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When picking and implementing a tool make sure you can answer these questions:

  • Is the system you are considering truly project based?
  • What is the architecture of the software? Is it web-based? One database? Multiple tools? Cloud ready?
  • Is the company you are buying from customer centric?
  • Will the system require customizations?
  • Will the system meet the needs of the teams?
  • Will the teams save money and time from the proper use of the system?
  • What is the reputation of the software company you are dealing with? 
  • What is the TRUE total cost of ownership (TCO)?

Scheduling

Creating and maintaining a project schedule is a basic need. There is a high-level schedule for every size project—at a minimum a start and stop date. A project schedule has all tasks time phased throughout the life of the project. If you are utilizing subcontractors, they should also be a part of your master schedule.

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Your schedule should correlate to the project WBS, and include every SOW reference so that all scope is included. The schedule is the performance indicator to all project stakeholders, so make sure that the status is current via a defined cadence (daily, weekly, monthly depending on the needs of the project) and that it is updated for changes to the project. Having an updated and accurate schedule is a great way to communicate to the internal team and it will delight your customer to know what is happening with their project.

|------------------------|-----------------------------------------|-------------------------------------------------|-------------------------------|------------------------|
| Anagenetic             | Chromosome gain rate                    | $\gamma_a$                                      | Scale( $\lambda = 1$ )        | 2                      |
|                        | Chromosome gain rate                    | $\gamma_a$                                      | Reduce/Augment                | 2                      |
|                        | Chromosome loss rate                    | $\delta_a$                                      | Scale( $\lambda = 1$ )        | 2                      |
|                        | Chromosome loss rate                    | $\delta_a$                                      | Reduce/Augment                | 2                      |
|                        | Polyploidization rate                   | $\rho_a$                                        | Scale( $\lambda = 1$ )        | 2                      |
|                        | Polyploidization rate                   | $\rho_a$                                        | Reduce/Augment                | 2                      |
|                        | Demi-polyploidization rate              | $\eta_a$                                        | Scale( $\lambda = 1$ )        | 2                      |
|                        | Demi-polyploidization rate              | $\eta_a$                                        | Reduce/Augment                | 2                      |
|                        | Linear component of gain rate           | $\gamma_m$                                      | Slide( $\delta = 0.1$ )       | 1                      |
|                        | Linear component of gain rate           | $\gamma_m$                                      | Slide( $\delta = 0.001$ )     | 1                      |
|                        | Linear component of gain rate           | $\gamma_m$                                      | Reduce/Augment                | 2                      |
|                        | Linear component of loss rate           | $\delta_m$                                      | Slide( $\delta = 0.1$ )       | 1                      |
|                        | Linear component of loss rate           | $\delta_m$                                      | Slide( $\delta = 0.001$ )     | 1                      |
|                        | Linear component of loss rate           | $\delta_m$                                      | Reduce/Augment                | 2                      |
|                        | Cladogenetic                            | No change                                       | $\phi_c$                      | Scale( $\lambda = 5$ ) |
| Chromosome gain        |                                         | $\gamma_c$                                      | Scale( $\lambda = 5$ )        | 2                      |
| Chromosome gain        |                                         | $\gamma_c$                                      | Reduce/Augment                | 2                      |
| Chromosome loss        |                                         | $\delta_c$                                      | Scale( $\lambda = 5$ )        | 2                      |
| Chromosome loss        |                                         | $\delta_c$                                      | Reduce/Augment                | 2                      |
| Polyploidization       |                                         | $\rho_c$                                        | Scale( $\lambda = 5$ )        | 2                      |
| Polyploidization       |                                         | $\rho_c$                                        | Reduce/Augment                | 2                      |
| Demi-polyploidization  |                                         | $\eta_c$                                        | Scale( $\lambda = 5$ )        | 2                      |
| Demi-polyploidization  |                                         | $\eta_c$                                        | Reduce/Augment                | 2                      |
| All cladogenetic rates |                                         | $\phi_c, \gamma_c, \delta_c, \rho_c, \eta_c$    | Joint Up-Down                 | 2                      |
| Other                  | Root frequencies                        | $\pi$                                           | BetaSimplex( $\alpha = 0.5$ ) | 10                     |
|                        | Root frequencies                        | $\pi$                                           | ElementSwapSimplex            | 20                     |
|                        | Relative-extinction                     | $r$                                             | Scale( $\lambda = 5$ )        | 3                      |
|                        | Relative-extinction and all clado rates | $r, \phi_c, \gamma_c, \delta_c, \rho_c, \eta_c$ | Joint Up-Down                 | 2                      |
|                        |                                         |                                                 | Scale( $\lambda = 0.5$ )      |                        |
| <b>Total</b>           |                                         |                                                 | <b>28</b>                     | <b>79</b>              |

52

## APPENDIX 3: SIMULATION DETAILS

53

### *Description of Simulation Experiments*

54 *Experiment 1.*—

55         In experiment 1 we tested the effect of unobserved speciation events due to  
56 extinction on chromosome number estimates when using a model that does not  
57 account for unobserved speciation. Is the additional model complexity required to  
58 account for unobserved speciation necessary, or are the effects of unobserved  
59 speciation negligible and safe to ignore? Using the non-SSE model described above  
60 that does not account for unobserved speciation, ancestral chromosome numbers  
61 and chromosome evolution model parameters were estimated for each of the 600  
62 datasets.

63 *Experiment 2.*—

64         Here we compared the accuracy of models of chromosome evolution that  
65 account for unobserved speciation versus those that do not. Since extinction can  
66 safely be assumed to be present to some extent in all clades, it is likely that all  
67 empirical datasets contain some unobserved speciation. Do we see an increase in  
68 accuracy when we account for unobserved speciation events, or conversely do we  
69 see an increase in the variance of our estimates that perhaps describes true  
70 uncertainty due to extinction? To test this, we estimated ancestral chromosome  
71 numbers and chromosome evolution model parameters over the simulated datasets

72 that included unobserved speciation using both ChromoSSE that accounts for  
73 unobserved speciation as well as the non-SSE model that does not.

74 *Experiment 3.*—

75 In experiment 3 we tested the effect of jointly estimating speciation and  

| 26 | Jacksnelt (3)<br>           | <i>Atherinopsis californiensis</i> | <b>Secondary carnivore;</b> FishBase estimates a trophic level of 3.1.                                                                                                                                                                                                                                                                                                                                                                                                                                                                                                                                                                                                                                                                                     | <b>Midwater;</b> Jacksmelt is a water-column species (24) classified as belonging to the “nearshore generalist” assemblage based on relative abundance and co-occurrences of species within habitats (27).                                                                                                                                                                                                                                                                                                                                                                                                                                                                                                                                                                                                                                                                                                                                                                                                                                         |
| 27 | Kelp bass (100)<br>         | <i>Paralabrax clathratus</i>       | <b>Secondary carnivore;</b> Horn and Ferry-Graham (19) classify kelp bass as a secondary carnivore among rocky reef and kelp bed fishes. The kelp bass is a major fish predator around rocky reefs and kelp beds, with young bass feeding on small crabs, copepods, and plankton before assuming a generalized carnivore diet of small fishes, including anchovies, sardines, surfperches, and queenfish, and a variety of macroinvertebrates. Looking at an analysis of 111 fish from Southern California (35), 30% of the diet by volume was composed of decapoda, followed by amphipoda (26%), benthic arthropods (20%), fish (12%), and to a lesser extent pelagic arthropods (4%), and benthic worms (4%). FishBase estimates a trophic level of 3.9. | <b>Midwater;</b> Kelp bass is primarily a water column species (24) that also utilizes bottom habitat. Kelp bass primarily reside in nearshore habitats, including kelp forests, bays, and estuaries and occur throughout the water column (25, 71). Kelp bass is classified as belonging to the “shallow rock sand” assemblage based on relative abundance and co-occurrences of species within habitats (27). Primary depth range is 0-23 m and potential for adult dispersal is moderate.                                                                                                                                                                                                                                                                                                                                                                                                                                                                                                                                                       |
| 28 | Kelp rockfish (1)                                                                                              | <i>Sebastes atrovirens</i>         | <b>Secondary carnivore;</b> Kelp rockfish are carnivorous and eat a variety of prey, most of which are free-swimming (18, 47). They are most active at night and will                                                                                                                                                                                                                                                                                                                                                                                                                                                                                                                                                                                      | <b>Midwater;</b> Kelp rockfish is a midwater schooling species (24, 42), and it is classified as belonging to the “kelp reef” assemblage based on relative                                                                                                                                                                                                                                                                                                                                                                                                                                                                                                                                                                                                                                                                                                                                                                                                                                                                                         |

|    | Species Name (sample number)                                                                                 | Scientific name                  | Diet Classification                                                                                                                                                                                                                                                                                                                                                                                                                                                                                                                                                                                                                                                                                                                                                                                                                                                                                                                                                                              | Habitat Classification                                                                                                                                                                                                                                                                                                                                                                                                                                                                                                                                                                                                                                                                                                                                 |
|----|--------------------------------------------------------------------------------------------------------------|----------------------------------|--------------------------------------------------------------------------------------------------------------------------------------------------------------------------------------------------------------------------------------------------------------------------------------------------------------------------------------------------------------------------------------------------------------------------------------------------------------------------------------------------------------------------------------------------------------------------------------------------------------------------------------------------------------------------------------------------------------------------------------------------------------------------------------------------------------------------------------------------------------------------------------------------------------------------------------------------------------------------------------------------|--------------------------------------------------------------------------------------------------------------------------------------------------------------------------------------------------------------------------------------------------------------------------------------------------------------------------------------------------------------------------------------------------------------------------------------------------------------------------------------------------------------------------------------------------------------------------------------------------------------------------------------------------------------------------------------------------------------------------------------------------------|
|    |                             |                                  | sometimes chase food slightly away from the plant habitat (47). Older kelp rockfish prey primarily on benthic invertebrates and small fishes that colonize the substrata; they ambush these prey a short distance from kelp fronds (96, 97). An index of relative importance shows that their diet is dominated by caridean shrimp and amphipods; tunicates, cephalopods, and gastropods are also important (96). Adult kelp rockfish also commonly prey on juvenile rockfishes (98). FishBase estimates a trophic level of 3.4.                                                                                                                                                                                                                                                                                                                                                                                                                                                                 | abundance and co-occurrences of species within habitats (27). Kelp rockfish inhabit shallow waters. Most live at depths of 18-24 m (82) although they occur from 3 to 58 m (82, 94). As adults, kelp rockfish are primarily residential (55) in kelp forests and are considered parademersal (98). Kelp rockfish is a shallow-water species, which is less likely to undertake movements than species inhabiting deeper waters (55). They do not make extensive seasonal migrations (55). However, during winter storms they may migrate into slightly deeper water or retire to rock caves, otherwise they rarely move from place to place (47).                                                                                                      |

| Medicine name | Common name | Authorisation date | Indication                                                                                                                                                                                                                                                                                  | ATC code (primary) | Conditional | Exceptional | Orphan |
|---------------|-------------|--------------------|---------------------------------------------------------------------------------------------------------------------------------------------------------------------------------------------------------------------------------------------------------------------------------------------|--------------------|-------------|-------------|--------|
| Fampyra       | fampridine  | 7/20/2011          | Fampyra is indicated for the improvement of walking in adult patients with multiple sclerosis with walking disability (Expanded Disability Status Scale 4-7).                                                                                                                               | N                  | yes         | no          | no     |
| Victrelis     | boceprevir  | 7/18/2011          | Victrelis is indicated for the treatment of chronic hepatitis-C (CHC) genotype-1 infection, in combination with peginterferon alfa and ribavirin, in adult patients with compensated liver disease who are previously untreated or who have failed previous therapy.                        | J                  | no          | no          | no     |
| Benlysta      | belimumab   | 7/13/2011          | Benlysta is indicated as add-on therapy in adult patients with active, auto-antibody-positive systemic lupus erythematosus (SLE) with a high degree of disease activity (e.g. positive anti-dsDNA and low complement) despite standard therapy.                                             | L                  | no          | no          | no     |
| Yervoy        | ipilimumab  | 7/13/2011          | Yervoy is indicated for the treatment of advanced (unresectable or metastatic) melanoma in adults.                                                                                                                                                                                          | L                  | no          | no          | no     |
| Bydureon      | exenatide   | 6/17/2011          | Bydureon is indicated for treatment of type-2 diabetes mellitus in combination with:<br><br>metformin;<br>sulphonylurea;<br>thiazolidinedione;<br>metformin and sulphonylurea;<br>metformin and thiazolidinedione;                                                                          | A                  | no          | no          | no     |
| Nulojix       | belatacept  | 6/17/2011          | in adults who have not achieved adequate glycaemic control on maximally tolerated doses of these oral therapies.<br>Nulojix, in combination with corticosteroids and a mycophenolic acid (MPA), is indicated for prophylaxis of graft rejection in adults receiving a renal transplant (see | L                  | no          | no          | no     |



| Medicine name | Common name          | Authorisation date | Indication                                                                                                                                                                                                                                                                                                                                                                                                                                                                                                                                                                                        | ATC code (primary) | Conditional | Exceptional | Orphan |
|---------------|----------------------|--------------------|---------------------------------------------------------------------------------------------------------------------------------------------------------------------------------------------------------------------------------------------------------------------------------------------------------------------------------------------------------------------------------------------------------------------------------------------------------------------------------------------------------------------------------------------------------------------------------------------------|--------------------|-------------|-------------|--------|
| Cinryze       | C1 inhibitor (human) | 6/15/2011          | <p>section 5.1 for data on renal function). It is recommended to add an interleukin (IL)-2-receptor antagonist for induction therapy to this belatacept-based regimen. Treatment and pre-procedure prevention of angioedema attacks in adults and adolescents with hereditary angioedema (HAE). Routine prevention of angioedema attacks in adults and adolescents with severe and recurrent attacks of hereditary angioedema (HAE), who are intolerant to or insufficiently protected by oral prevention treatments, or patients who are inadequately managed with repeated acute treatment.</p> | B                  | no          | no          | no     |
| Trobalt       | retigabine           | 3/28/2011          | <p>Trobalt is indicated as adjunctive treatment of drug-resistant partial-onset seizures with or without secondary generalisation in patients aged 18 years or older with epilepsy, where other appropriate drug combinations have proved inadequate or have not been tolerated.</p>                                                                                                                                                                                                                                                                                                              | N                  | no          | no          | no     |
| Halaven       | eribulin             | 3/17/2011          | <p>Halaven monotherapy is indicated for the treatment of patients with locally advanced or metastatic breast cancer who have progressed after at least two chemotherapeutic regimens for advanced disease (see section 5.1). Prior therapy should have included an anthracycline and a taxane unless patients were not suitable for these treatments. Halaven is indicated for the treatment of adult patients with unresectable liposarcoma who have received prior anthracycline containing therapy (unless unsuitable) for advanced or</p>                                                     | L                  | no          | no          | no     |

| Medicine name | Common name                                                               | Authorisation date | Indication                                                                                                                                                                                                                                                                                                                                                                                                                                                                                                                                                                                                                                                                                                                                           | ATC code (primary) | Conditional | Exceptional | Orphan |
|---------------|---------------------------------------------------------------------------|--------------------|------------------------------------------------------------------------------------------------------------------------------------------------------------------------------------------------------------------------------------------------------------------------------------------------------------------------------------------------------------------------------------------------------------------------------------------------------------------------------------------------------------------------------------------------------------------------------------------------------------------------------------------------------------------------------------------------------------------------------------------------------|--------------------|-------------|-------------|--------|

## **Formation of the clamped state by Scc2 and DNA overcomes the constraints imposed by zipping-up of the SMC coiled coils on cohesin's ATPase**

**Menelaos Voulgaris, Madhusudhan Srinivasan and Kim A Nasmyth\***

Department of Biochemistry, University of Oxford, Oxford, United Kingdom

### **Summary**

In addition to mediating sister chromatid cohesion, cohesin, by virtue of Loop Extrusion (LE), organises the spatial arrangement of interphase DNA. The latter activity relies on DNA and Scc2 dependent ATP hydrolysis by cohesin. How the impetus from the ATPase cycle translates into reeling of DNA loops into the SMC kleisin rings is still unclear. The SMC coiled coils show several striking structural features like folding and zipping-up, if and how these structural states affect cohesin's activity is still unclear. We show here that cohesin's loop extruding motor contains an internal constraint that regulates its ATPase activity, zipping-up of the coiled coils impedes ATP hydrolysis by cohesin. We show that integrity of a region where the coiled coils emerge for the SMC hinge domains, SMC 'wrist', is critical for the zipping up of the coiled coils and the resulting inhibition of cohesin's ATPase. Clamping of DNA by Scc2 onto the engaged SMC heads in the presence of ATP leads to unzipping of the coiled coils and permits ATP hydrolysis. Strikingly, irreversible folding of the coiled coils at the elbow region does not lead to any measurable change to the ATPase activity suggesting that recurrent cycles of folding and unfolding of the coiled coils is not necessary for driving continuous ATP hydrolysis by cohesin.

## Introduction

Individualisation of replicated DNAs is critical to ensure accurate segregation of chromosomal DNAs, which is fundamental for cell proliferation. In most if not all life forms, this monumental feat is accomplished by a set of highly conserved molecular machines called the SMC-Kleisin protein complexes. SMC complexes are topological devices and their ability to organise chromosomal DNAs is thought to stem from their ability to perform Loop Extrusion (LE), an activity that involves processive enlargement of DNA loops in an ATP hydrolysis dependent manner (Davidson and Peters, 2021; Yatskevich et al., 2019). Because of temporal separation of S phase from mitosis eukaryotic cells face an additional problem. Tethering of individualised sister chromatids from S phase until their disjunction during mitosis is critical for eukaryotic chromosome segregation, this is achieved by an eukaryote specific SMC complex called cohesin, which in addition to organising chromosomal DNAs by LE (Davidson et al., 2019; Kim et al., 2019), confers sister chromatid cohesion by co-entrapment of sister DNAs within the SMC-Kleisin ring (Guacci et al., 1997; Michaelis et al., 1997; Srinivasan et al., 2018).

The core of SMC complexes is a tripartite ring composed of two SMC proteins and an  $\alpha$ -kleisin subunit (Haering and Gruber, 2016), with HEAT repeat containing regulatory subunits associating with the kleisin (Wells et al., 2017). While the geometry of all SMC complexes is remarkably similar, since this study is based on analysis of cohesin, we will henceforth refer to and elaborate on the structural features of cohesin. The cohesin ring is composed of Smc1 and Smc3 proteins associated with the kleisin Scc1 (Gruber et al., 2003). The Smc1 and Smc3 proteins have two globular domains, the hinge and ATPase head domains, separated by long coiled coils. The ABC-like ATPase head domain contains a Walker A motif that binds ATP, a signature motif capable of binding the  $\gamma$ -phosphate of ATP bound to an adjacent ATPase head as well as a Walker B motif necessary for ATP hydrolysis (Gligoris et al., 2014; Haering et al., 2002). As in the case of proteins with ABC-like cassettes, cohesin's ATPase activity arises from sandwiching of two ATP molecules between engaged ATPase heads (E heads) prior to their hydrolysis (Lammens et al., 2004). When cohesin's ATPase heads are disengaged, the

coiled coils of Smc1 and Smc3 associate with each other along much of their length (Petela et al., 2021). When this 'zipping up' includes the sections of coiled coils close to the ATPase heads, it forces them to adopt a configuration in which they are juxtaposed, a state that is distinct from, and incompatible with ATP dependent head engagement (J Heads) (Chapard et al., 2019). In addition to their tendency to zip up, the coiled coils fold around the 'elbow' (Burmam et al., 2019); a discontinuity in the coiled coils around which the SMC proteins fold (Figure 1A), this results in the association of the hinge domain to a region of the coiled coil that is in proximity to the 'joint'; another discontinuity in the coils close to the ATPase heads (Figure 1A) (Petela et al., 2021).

Budgeting & Forecasting

Budgeting is what the organization believes is achievable. There should be an action plan in place to achieve the budget. The budget is a target which the organization sets for itself, and becomes management’s commitment to action.

Forecasting is the activity of predicting what will happen in the future. A forecast can be compartmentalized as short, medium, and long-term. It is based on the best assumptions known at the time of development. These assumptions will change over time and the forecast will need to be updated to reflect the changes.

Every project should have a performance management baseline (PMB) that becomes the basis for variance analysis to plan (Budget–Actuals). The budget is the commitment of the team. The budget is a living and breathing document and should be adjusted as scope changes. If the budget is out-of-date it will not provide the metrics needed to analyze variances.

The characteristics of an adequate budget are:

  • All scope is included—Budgeting tools have user-defined-fields (UDFs) so you can track the SOW or IMP references, ensuring you have all the scope budgeted. Scope comprehension is a big challenge. 
  • Correlated directly to the WBS which serves as a foundational structure for reporting on 
  • the project. 
  • Correlated directly to the schedule. The schedule also has a PMB and the schedule and the budget should correlate as far as time periods and resources.
  • Time phased through the life of the project. The best practice would have the budget broken out at a minimum by month but could be done by week. The units (month or week) needed are driven by the nature of the business. 
  • The baseline assumptions are current, and changes are included as required. You want this to be a current representation of the work you are to accomplish.